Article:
MIAMI — The Tar Creek conference held annually in Miami to bring awareness to the devastating consequences of mining activities in this part of the country looked a little different this year, as it was held virtually online due to COVID-19, but that did nothing to take away from its importance or success, according to the local organizers at the Local Environmental Action Demanded (LEAD) Agency.
The LEAD Agency and the Western Mining Action Network (WMAN) joined forces to present two firsts this year — their first joint conference and first virtual conference. Even in a time of uncertainty, they still wanted to continue doing the work of bringing together scientists, activists, and the public so everyone can learn and grow together as they work to protect communities and the environment.
During the virtual conference, attendees explored the intersection of mining, environmentalism, health, and the coronavirus pandemic, taking into consideration the pernicious influence of systemic racism and how it affects how decisions are made within, among, and for mining communities nationwide.
“For 21 years there has been a Tar Creek Conference and the LEAD Agency and all the various partners have pulled our resources together and held the gathering for our community to learn from and share with regulators, stakeholders, activists, scientists and youth about our environmental issues and a bit of the wider world’s,” said Rebecca Jim, LEAD Agency executive director and an advocate with decades of experience, who is also known as the “Tar Creekkeeper.”
“This year was different. As fall approached, we at the LEAD Agency knew it was not in our best interest to host an event with that many people in one place during this pandemic. And, unfortunately, this was the year we had planned to broaden our platform and partner with WMAN, an organization with more than 300 entities from racially and economically diverse communities. WMAN provides opportunities for locally-based citizen groups in the US and Canada to educate themselves, influence decision making, and cooperate to create positive social change that goes beyond the boundaries of any one location or issue. We and WMAN both bypassed our regular conferences to blend our themes and efforts in a new way,” Jim said.
Neither organization even knew that they had the capacity to do a “virtual” version of their conferences, but approximately one month ago they decided to make an effort to pull the varied parties together and give it a go, according to Jim.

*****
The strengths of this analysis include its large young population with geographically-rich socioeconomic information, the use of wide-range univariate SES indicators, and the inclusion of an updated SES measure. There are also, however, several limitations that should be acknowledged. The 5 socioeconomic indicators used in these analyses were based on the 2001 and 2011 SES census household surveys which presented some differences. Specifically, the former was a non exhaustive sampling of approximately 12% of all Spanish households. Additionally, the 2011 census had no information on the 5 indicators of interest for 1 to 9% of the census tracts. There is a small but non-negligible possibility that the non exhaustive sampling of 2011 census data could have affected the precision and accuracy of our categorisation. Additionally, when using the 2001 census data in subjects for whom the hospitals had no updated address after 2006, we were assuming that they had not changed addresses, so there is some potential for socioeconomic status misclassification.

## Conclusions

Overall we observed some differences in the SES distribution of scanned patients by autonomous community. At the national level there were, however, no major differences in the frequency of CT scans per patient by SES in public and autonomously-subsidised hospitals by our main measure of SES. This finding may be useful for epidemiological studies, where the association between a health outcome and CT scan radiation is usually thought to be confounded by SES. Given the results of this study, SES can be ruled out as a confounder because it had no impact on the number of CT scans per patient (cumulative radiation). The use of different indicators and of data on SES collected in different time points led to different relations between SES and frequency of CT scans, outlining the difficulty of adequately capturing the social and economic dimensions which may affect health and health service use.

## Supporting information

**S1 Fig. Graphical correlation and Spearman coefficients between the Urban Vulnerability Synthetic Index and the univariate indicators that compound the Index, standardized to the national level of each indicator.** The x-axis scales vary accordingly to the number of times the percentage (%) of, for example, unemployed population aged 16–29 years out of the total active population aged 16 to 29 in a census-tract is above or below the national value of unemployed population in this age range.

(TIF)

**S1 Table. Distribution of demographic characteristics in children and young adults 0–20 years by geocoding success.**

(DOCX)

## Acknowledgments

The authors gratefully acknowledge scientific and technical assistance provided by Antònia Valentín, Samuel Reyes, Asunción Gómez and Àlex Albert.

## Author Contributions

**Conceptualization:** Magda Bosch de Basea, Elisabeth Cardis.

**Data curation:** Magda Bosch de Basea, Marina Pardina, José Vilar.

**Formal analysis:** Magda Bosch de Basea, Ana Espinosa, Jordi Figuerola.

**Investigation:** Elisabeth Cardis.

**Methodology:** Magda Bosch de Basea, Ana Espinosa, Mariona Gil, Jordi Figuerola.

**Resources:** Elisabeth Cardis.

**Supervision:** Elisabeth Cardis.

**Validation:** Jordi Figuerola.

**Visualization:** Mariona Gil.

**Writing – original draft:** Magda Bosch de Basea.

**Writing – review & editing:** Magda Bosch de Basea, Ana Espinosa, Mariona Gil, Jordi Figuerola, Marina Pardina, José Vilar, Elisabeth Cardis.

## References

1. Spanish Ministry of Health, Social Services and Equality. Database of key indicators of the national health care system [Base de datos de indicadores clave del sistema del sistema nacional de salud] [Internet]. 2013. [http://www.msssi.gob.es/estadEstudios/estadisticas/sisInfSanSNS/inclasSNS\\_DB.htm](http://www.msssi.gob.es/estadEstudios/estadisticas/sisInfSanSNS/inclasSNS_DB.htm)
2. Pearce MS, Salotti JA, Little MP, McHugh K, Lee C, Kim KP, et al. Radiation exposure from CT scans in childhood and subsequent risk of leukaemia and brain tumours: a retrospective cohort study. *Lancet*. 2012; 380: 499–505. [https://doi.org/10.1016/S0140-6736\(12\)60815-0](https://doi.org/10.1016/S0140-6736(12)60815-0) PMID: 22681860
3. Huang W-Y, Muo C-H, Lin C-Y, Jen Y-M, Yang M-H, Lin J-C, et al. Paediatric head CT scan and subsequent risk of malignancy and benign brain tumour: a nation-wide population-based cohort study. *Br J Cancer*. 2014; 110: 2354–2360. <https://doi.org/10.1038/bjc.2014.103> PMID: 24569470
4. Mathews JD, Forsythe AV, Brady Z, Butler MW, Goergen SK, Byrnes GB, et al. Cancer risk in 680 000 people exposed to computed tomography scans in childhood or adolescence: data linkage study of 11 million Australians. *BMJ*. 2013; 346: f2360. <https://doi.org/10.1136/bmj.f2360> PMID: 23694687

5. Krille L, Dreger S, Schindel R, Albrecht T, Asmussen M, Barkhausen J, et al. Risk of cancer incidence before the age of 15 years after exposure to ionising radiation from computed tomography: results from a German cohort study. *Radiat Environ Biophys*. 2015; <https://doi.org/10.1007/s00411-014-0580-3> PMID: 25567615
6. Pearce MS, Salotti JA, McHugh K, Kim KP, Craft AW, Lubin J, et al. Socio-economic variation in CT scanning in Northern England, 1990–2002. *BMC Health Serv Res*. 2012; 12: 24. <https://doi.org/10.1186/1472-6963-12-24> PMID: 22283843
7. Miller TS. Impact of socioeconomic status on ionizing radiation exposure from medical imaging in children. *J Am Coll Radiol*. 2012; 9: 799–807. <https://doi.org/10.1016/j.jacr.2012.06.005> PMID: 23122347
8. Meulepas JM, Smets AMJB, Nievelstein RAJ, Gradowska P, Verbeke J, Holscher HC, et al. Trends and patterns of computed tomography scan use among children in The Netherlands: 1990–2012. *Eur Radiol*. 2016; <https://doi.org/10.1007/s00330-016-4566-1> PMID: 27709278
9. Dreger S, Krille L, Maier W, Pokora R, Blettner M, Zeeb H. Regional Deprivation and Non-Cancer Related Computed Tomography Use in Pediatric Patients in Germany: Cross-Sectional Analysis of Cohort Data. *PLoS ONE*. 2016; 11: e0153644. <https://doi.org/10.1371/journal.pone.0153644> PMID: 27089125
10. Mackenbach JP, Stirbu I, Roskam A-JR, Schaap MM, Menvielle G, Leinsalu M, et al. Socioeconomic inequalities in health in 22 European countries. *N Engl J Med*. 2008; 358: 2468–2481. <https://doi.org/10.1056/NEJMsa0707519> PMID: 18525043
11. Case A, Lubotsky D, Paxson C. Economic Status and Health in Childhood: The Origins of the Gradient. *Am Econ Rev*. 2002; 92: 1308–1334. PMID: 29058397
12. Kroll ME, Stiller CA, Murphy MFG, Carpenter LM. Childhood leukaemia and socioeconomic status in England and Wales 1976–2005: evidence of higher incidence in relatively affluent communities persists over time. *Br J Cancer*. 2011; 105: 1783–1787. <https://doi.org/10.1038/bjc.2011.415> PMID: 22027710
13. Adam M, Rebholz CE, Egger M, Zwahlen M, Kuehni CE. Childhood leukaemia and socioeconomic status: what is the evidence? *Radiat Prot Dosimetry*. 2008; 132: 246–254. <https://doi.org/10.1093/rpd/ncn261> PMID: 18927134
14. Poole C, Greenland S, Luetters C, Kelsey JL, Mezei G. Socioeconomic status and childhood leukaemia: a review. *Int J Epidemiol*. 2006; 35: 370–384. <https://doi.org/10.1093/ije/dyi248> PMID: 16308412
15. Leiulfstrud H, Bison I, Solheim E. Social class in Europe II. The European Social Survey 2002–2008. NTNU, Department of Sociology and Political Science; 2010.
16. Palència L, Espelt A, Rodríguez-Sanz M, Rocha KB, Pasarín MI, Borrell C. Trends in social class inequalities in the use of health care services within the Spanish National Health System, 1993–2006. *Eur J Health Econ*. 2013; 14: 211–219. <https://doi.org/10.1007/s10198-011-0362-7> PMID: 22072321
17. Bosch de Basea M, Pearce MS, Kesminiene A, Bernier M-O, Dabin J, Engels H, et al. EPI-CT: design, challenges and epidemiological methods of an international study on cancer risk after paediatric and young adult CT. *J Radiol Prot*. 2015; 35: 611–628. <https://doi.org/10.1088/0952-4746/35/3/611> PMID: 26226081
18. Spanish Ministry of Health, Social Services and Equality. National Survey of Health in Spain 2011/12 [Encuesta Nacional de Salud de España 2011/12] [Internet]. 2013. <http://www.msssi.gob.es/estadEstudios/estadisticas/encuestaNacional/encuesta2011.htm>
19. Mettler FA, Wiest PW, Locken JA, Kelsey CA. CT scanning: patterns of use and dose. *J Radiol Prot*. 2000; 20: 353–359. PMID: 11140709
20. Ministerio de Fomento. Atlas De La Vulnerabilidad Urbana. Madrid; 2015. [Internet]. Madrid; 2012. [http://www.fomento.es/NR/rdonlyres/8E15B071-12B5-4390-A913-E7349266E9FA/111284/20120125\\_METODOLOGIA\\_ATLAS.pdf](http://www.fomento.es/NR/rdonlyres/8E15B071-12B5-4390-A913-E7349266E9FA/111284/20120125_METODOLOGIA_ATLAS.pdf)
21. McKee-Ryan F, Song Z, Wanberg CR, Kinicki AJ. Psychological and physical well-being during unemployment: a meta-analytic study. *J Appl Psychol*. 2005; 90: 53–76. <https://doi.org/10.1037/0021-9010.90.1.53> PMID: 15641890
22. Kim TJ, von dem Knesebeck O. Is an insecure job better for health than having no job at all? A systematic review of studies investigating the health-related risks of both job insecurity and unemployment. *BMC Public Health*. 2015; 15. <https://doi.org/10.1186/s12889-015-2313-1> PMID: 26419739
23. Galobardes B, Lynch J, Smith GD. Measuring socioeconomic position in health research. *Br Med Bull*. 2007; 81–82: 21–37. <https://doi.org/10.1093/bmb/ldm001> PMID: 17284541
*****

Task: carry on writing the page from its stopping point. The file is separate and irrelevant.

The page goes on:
“The joint virtual conference filled a gap we had in meeting, with the gaping wounds we learned lie throughout Canada, the US, Central and South America, with the same companies raping lands and poisoning waters using the very techniques we know fail to leave communities whole when the mining ceases and the companies leave,” Jim said.
Earl Hatley with the LEAD Agency, and also known as the Grand Riverkeeper, said, “I think the conference was very successful and I am really proud of the LEAD Agency for our role. We hosted the conference electronically, which was very empowering for our staff. We learned a lot and developed some exciting capabilities and capacities by being able to be the host this conference.
“It was empowering for the agency board as well, to be able to play leadership roles, because we are bringing in an international organization, WMAN, to partner with on the conference. This was supposed to be their biannual conference as well as our annual one. The LEAD Agency was the local host and we had a virtual tour of Tar Creek the first day,” Hatley said.
The virtual tour of the Tar Creek Superfund site included a 40-square-mile epicenter of the county-wide site in Ottawa County. Once the largest lead and zinc mine in the world, the toxic legacy of this mining activity impacts eight sovereign Indigenous nations. The epicenter, known as the Picher Mining District, extends from the town of Commerce north to Picher and the Kansas state line.
Viewers saw the environmental destruction caused by one million gallons of acid mine water flowing into the Tar Creek watershed every day. They saw tailings piles up to 200 feet tall and a toxic moonscape that used to be a lush tall grass prairie.
They also witnessed the remediation efforts of the Quapaw Nation, whose lands are most impacted by this historical mining, and who are the first Tribe in the nation to receive a primary contract for remediation of a superfund site.